The Backdrop

The majestic pyramid of cans, et al., ca. '88     Mark's principal musical activity growing up was playing the upright bass in school orchestras, delivering Pachabell's canon and "White Christmas" some five kajillion times.  He really didn't discover "rock" (though he was too snobby to call it that) until around age 11, and the music he really tuned into was heavily orchestrated, e.g. "Heartbeat City"-era Cars, Genesis's "Invisible Touch," and "Chicago 17."  Albums like these tend to feature an average of five synthesizers playing at any given time, plus at least eight vocal parts.

        From '87-'89, Mark tried his damnedest to overproduce in this manner, armed only with the crudest of technology and a bunch of musicians that basically couldn't play (himself, on electric bass, included).  The Backdrop was a loosely-formed unit made up of mainly of Mark, a guy named Brian Greenfield who is now a veterinarian (I think), and Brian's Casio CZ-5000, the bits of which litter Mark's closet to this day (long, ugly story...).  It was formed as an attempt to play the Glenbrook North (a high school recently cited for its swellness by President Clinton, and not-so-recently attended by John Hughes, who lambasted the experience in movies like "The Breakfast Club," and "16 Candles") variety show, and featured (to name a few) Sanjiv Ghogale (who's best man at Mark's wedding) on saxophone, a guy named Ishak, a guitarist named Mike (who played Chuck Berry riffs over everything), and (usually) a drum machine.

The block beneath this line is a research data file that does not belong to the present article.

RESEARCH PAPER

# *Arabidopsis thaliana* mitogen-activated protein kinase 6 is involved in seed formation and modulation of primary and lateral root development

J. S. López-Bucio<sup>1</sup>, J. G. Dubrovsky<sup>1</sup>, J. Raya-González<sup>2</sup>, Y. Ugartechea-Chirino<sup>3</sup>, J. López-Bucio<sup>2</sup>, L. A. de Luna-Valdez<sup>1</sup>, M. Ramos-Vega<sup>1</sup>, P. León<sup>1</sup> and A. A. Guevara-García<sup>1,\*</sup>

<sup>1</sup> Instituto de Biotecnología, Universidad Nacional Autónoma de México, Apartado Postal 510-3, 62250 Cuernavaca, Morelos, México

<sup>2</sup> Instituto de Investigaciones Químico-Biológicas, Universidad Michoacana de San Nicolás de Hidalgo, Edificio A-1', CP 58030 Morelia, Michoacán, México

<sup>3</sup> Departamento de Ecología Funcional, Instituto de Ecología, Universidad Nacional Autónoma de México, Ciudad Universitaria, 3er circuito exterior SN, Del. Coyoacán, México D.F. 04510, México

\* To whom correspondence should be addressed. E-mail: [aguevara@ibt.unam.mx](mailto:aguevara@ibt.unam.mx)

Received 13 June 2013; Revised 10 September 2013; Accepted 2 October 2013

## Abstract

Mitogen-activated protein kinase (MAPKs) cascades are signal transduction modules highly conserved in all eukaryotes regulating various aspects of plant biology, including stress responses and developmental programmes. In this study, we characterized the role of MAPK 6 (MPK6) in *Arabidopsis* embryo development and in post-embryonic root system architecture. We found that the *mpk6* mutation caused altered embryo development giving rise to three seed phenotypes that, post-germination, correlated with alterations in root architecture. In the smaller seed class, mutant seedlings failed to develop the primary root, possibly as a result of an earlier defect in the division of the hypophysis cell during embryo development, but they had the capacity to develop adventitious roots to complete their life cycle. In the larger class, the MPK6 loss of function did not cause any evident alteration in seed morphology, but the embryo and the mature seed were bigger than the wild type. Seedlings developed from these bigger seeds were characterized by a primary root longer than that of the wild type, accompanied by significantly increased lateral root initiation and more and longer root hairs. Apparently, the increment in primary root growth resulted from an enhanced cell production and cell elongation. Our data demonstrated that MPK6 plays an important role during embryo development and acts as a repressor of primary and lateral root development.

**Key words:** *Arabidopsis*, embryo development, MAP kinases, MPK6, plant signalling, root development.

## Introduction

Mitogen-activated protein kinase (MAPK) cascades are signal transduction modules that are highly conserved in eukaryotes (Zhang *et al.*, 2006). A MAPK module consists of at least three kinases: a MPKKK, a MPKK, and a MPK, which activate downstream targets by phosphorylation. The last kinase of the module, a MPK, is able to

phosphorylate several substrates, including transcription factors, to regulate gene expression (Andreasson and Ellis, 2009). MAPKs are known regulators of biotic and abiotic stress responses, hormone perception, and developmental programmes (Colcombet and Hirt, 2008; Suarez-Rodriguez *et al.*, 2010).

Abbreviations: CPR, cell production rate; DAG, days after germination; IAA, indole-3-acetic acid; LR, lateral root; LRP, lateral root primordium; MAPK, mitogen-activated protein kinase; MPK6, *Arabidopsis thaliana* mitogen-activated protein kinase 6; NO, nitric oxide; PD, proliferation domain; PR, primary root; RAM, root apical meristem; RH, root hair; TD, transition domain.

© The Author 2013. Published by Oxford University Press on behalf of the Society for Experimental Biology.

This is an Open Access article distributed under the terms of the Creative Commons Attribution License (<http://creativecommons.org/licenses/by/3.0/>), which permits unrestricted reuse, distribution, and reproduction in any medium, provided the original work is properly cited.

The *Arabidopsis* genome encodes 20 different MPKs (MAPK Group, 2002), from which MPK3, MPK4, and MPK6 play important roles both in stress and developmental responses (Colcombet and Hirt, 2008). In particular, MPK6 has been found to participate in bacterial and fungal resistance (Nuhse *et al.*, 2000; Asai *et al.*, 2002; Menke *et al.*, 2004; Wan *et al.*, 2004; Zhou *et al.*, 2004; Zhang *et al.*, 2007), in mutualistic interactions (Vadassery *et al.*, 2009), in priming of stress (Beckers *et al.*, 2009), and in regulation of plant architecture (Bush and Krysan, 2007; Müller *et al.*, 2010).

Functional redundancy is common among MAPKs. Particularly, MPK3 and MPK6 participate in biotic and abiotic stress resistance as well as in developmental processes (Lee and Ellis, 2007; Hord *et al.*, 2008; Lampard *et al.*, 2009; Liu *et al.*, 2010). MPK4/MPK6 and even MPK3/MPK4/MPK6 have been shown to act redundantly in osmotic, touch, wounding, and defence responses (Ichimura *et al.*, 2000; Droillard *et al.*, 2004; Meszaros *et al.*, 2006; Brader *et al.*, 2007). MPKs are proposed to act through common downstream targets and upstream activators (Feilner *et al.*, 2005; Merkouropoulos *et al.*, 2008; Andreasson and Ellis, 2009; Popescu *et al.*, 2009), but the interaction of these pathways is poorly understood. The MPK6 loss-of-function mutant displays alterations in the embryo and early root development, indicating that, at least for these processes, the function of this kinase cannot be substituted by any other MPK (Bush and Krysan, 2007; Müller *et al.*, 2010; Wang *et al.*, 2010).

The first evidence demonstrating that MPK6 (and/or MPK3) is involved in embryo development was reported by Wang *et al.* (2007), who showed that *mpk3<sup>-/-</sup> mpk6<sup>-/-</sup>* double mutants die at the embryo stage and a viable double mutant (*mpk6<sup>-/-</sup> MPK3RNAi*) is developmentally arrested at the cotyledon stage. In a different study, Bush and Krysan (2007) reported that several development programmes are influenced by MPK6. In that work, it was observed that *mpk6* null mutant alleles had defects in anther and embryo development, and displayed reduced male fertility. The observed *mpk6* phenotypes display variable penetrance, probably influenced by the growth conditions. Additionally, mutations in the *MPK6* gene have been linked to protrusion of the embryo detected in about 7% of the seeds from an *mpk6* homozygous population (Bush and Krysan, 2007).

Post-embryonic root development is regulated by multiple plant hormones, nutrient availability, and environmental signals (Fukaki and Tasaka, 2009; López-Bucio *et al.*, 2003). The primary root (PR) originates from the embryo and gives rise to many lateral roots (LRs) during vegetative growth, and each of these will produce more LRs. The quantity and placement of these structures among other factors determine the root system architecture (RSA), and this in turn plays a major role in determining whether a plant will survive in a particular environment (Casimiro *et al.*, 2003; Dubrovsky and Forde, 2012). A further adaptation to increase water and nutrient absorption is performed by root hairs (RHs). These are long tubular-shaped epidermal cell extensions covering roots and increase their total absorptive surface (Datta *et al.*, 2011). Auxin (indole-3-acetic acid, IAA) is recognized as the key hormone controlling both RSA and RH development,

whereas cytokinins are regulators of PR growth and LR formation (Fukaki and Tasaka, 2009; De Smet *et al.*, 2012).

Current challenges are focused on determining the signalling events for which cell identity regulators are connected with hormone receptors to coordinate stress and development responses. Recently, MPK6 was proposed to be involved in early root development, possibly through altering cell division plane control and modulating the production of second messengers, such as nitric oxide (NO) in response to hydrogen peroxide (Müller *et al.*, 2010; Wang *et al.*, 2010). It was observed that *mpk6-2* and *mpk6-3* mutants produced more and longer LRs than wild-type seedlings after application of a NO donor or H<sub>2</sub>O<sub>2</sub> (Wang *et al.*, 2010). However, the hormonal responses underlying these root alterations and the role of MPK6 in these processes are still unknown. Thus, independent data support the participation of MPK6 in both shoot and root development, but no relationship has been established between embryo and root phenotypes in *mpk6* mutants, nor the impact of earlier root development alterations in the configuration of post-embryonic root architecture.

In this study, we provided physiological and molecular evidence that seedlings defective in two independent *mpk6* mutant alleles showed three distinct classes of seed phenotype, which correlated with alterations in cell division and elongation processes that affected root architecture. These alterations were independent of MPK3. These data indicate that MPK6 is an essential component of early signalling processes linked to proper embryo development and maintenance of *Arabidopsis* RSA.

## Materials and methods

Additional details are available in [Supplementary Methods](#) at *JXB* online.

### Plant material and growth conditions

After a year of attempting to play only songs by the Cars, the Backdrop finally did make the variety show with a song Mark wrote (called "Run Away," later re-recorded for the second MayTricks album) that sounded exactly like something by the Cars.  He recruited NINE vocalists (no exaggeration this time) for the performance, forced a drummer to play along with the drum machine, and made his glorious public access TV debut.

        After this, things only went downhill for the band: After playing maybe three shows total, recording a bunch of tunes by the tedious and ugly method of tape deck to tape deck dubbing (usually with Mark playing all the instruments), Mark graduated to better things.

Listen to the Backdrop:

The final version (Spring '89) of Run Away.

Our first recording (possibly the first song I ever wrote): Venus on Earth.

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